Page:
Must watch the net draw narrower, government take all powers –or \ revolution, and the new government \ Take more than all, add to kept bodies kept souls- or anarchy, the \ mass-disasters.

These things are Progress;

From the vantage point of 2017, it seems that Jeffers was remarkably prescient in his premonitions of the world awaiting his grand children’s generation. While we may not yet be truly living in the age of mass-disasters, they’re surely on the way. And though he could not have specifically anticipated climate change and its knock-on effects, thermonuclear warfare, genetic engineering, or the societal hazards of runaway computer and communications technologies, he surely understood the ramifications of population overshoot and the ensuing ecological collapse.

Perhaps more poignantly, he understood the dangers of the herd mentality, the hazards of a species enamored of its own image and multiplicity. In human terms, this amounts to the abandonment of our own wild nature and sense of place and belonging within nature for the aggregated culture of the anonymous cities and the soul crushing suburbs. This comes, of course, at the expense of our freedom, our independence, and our individual safety, in which we offer ourselves as “kept souls” on the altar of technology. Technology, that modern god born of human ingenuity, has only recently come to completely eclipse Gaia, the mother goddess from which we are all descended, in the pantheon of human wonder.

And so we find ourselves as a civilization at the outset of the Anthropocene, peering into our electronic oracles, if not with wonder, then with a hope tinged with desperation that technology will intervene in our favor to save us from ourselves, from the mass-disasters looming on the horizon. And the more fanatically deluded among us believe that technology will grant our souls - which we’ve already bartered away for the easy comforts of domesticity and the lure of progress - with everlasting life as data in some electronically emergent consciousness.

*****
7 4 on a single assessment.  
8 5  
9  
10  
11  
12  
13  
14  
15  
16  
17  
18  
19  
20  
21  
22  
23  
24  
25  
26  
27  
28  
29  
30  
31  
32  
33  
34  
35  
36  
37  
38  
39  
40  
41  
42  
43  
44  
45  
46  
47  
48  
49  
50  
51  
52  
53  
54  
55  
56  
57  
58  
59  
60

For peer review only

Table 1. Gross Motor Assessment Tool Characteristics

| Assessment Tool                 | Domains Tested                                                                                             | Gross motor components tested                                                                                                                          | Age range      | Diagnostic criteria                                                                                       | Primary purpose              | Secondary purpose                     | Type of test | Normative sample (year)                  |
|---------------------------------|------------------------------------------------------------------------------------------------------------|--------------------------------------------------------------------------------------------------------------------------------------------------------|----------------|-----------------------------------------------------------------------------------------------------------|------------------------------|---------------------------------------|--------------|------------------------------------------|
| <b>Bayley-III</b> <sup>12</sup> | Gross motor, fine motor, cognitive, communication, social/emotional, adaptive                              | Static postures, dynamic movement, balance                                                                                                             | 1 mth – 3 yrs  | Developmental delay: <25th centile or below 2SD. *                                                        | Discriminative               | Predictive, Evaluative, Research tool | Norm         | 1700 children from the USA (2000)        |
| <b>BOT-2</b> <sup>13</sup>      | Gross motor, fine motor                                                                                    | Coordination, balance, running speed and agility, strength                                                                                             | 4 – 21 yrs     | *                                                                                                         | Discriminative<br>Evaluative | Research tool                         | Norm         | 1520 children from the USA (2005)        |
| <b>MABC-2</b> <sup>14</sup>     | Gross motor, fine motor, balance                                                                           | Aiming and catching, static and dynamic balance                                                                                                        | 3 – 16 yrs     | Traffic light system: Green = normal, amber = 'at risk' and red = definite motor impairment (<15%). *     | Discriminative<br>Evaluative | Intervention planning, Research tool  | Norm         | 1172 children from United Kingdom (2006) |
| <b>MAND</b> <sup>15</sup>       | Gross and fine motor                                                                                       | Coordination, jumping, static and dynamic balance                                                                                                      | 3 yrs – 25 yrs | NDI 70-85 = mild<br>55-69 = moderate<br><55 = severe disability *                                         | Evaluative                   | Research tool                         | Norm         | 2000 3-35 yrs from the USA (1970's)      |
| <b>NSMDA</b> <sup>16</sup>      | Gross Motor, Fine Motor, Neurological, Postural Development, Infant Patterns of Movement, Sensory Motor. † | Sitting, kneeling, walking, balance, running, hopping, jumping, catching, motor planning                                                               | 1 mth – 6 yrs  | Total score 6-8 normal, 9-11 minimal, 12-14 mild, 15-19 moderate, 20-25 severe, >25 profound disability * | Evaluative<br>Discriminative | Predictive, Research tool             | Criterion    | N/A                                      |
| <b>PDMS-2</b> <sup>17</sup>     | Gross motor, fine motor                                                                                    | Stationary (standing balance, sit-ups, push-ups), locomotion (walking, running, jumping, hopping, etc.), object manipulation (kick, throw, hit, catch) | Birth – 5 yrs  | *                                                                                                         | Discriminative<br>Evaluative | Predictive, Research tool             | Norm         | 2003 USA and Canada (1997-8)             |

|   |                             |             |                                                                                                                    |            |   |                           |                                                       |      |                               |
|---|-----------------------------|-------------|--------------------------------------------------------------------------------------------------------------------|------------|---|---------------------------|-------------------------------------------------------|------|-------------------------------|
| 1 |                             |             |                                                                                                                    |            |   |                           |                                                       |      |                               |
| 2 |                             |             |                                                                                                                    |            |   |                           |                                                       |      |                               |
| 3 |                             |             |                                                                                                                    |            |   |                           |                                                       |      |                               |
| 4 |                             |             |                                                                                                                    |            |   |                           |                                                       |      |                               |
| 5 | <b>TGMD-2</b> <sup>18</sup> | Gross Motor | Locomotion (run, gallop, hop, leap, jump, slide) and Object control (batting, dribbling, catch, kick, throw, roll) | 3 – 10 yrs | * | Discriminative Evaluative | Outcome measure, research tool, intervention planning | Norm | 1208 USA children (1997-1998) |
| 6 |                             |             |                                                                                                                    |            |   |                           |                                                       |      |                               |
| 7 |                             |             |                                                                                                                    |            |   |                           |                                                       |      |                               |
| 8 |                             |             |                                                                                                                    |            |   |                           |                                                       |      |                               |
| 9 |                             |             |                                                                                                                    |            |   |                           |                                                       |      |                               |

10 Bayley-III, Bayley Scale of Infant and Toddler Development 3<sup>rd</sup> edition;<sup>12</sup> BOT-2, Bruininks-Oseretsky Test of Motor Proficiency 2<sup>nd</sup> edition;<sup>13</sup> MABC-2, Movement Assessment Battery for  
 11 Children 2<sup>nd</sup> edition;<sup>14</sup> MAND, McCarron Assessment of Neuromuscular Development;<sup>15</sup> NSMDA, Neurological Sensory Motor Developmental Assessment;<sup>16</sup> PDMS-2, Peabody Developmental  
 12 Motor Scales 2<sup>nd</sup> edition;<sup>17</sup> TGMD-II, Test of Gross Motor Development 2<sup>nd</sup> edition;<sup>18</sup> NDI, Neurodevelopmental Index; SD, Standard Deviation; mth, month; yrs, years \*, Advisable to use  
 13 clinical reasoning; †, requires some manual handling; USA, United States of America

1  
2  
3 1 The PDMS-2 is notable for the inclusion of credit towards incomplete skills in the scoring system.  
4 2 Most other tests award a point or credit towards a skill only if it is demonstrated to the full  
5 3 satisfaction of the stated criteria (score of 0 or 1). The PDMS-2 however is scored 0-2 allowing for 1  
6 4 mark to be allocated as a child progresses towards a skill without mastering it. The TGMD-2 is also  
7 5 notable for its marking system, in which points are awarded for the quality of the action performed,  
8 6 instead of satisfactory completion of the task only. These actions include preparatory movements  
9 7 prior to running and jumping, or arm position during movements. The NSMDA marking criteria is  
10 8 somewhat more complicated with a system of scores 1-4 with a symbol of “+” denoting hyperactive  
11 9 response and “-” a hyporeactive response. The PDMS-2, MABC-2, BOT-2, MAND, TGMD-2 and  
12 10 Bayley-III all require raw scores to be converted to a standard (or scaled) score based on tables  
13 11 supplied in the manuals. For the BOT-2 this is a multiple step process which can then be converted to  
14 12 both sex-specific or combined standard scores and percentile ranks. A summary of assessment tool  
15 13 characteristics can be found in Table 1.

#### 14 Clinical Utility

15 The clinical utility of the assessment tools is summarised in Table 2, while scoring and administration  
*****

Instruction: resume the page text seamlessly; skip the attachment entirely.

The transhumanist agenda is the ultimate expression of a civilization beholden to a god of its own creation. If we can’t fix the problems that technology has created with technological solutions, for example geo-engineering to mitigate the consequences of climate change, then we’ll use our technology to find and inhabit other worlds. Or failing that, we’ll literally merge with our technologies once and for all and surrender our humanity, our biology, and our mortality to the technosphere, where our consciousness, if you can call it that, will live on forever in some virtualized simulacrum of the world we traded away for it.

The biosphere, on the other hand, ailing as it is, represents an emergent consciousness that we are already embedded in, even as we actively or tacitly work to destroy it. James Lovelock and Lynn Margulis through Gaia theory have provided evidence that our seemingly inert geologic and atmospheric systems have co-evolved with the biological systems they sustain, seeking equilibrium through self-regulating feedback loops of greatcomplexity. These systems are composed not just of the biota that inhabit our planet, but of the seas and the rocks and the skies, those transhuman things as Jeffers perceived them, that through their interactions with each other on geological timescales exhibit a kind of emergent intelligence.

My recent reading of Dmitry Orlov’s Shrinking the Technosphere has brought into sharp focus the antipathy of the technosphere towards the biosphere. It has become increasingly apparent to me as it has to others like Orlov that technology has a teleology of its own, that it has its own agenda and is using humanity in much the same sense as Richard Dawkins conception of the gene: That is, that human lives and bodies represent nothing more than survival machines for the gene.

Technology is the ultimate meme, a term that Dawkins invented, in his discussion from The Selfish Gene to describe the concept of ideological self-reproduction. But the technosphere, as Orlov says in so many words, is bent on destroying all life, starting with that which can’t escape its net of quantification.

It is urgent now that we choose sides as partisans in this conflict between the technosphere and the biosphere. My loyalty is to Gaia and the beauty of truly transhuman things.